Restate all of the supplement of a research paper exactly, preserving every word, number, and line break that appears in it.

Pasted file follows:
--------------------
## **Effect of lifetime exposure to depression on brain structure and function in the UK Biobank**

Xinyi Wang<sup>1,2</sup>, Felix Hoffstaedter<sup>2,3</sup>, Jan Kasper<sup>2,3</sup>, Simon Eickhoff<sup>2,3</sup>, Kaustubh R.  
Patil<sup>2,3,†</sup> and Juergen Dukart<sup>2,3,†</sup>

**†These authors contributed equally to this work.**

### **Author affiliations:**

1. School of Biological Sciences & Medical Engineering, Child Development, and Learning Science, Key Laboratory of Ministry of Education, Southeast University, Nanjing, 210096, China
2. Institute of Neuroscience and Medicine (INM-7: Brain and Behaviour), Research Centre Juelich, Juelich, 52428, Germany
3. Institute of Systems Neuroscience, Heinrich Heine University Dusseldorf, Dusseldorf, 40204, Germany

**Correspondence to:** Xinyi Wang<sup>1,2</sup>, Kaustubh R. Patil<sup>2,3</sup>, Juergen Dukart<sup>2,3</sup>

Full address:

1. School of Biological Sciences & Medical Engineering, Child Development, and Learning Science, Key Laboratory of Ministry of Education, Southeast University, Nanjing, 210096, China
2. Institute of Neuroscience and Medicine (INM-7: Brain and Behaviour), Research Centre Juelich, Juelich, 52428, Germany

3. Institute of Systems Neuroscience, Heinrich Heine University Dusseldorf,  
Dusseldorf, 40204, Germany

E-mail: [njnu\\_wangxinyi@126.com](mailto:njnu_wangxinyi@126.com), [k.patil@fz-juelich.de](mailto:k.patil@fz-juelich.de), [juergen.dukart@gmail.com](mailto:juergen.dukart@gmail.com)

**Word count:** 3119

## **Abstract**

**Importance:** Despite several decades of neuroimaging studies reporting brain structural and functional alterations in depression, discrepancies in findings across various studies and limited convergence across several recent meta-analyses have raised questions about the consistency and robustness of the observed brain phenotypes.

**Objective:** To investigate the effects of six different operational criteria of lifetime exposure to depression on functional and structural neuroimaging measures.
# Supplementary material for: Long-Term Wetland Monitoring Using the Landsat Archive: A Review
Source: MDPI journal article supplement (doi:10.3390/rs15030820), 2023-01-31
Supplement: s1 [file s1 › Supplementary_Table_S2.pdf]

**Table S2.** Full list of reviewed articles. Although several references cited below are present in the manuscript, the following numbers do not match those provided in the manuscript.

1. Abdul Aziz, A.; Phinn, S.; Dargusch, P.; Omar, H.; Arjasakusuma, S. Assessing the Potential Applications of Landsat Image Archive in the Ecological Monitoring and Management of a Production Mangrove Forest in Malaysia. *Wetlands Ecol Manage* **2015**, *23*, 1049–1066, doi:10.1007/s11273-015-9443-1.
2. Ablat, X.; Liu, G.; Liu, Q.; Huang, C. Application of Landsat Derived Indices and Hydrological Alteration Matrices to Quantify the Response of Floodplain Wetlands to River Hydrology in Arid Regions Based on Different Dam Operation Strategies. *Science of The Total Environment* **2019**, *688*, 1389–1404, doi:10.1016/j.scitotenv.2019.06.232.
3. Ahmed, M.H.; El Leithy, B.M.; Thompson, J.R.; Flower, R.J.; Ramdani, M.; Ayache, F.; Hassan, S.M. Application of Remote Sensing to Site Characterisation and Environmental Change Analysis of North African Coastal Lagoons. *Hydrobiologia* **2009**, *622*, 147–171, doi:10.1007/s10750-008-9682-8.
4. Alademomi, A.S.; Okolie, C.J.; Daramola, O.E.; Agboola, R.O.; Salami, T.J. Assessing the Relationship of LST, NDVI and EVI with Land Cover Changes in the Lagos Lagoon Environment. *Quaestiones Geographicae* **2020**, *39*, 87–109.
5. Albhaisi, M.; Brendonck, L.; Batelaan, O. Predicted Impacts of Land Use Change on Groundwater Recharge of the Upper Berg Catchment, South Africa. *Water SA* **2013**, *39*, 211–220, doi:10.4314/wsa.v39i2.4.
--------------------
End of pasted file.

## **Effect of lifetime exposure to depression on brain structure and function in the UK Biobank**

Xinyi Wang<sup>1,2</sup>, Felix Hoffstaedter<sup>2,3</sup>, Jan Kasper<sup>2,3</sup>, Simon Eickhoff<sup>2,3</sup>, Kaustubh R.  
Patil<sup>2,3,†</sup> and Juergen Dukart<sup>2,3,†</sup>

**†These authors contributed equally to this work.**

### **Author affiliations:**

1. School of Biological Sciences & Medical Engineering, Child Development, and Learning Science, Key Laboratory of Ministry of Education, Southeast University, Nanjing, 210096, China
2. Institute of Neuroscience and Medicine (INM-7: Brain and Behaviour), Research Centre Juelich, Juelich, 52428, Germany
3. Institute of Systems Neuroscience, Heinrich Heine University Dusseldorf, Dusseldorf, 40204, Germany

**Correspondence to:** Xinyi Wang<sup>1,2</sup>, Kaustubh R. Patil<sup>2,3</sup>, Juergen Dukart<sup>2,3</sup>

Full address:

1. School of Biological Sciences & Medical Engineering, Child Development, and Learning Science, Key Laboratory of Ministry of Education, Southeast University, Nanjing, 210096, China
2. Institute of Neuroscience and Medicine (INM-7: Brain and Behaviour), Research Centre Juelich, Juelich, 52428, Germany

3. Institute of Systems Neuroscience, Heinrich Heine University Dusseldorf,  
Dusseldorf, 40204, Germany

E-mail: [njnu\\_wangxinyi@126.com](mailto:njnu_wangxinyi@126.com), [k.patil@fz-juelich.de](mailto:k.patil@fz-juelich.de), [juergen.dukart@gmail.com](mailto:juergen.dukart@gmail.com)

**Word count:** 3119

## **Abstract**

**Importance:** Despite several decades of neuroimaging studies reporting brain structural and functional alterations in depression, discrepancies in findings across various studies and limited convergence across several recent meta-analyses have raised questions about the consistency and robustness of the observed brain phenotypes.

**Objective:** To investigate the effects of six different operational criteria of lifetime exposure to depression on functional and structural neuroimaging measures.
# Supplementary material for: Long-Term Wetland Monitoring Using the Landsat Archive: A Review
Source: MDPI journal article supplement (doi:10.3390/rs15030820), 2023-01-31
Supplement: s1 [file s1 › Supplementary_Table_S2.pdf]

**Table S2.** Full list of reviewed articles. Although several references cited below are present in the manuscript, the following numbers do not match those provided in the manuscript.

1. Abdul Aziz, A.; Phinn, S.; Dargusch, P.; Omar, H.; Arjasakusuma, S. Assessing the Potential Applications of Landsat Image Archive in the Ecological Monitoring and Management of a Production Mangrove Forest in Malaysia. *Wetlands Ecol Manage* **2015**, *23*, 1049–1066, doi:10.1007/s11273-015-9443-1.
2. Ablat, X.; Liu, G.; Liu, Q.; Huang, C. Application of Landsat Derived Indices and Hydrological Alteration Matrices to Quantify the Response of Floodplain Wetlands to River Hydrology in Arid Regions Based on Different Dam Operation Strategies. *Science of The Total Environment* **2019**, *688*, 1389–1404, doi:10.1016/j.scitotenv.2019.06.232.
3. Ahmed, M.H.; El Leithy, B.M.; Thompson, J.R.; Flower, R.J.; Ramdani, M.; Ayache, F.; Hassan, S.M. Application of Remote Sensing to Site Characterisation and Environmental Change Analysis of North African Coastal Lagoons. *Hydrobiologia* **2009**, *622*, 147–171, doi:10.1007/s10750-008-9682-8.
4. Alademomi, A.S.; Okolie, C.J.; Daramola, O.E.; Agboola, R.O.; Salami, T.J. Assessing the Relationship of LST, NDVI and EVI with Land Cover Changes in the Lagos Lagoon Environment. *Quaestiones Geographicae* **2020**, *39*, 87–109.
5. Albhaisi, M.; Brendonck, L.; Batelaan, O. Predicted Impacts of Land Use Change on Groundwater Recharge of the Upper Berg Catchment, South Africa. *Water SA* **2013**, *39*, 211–220, doi:10.4314/wsa.v39i2.4.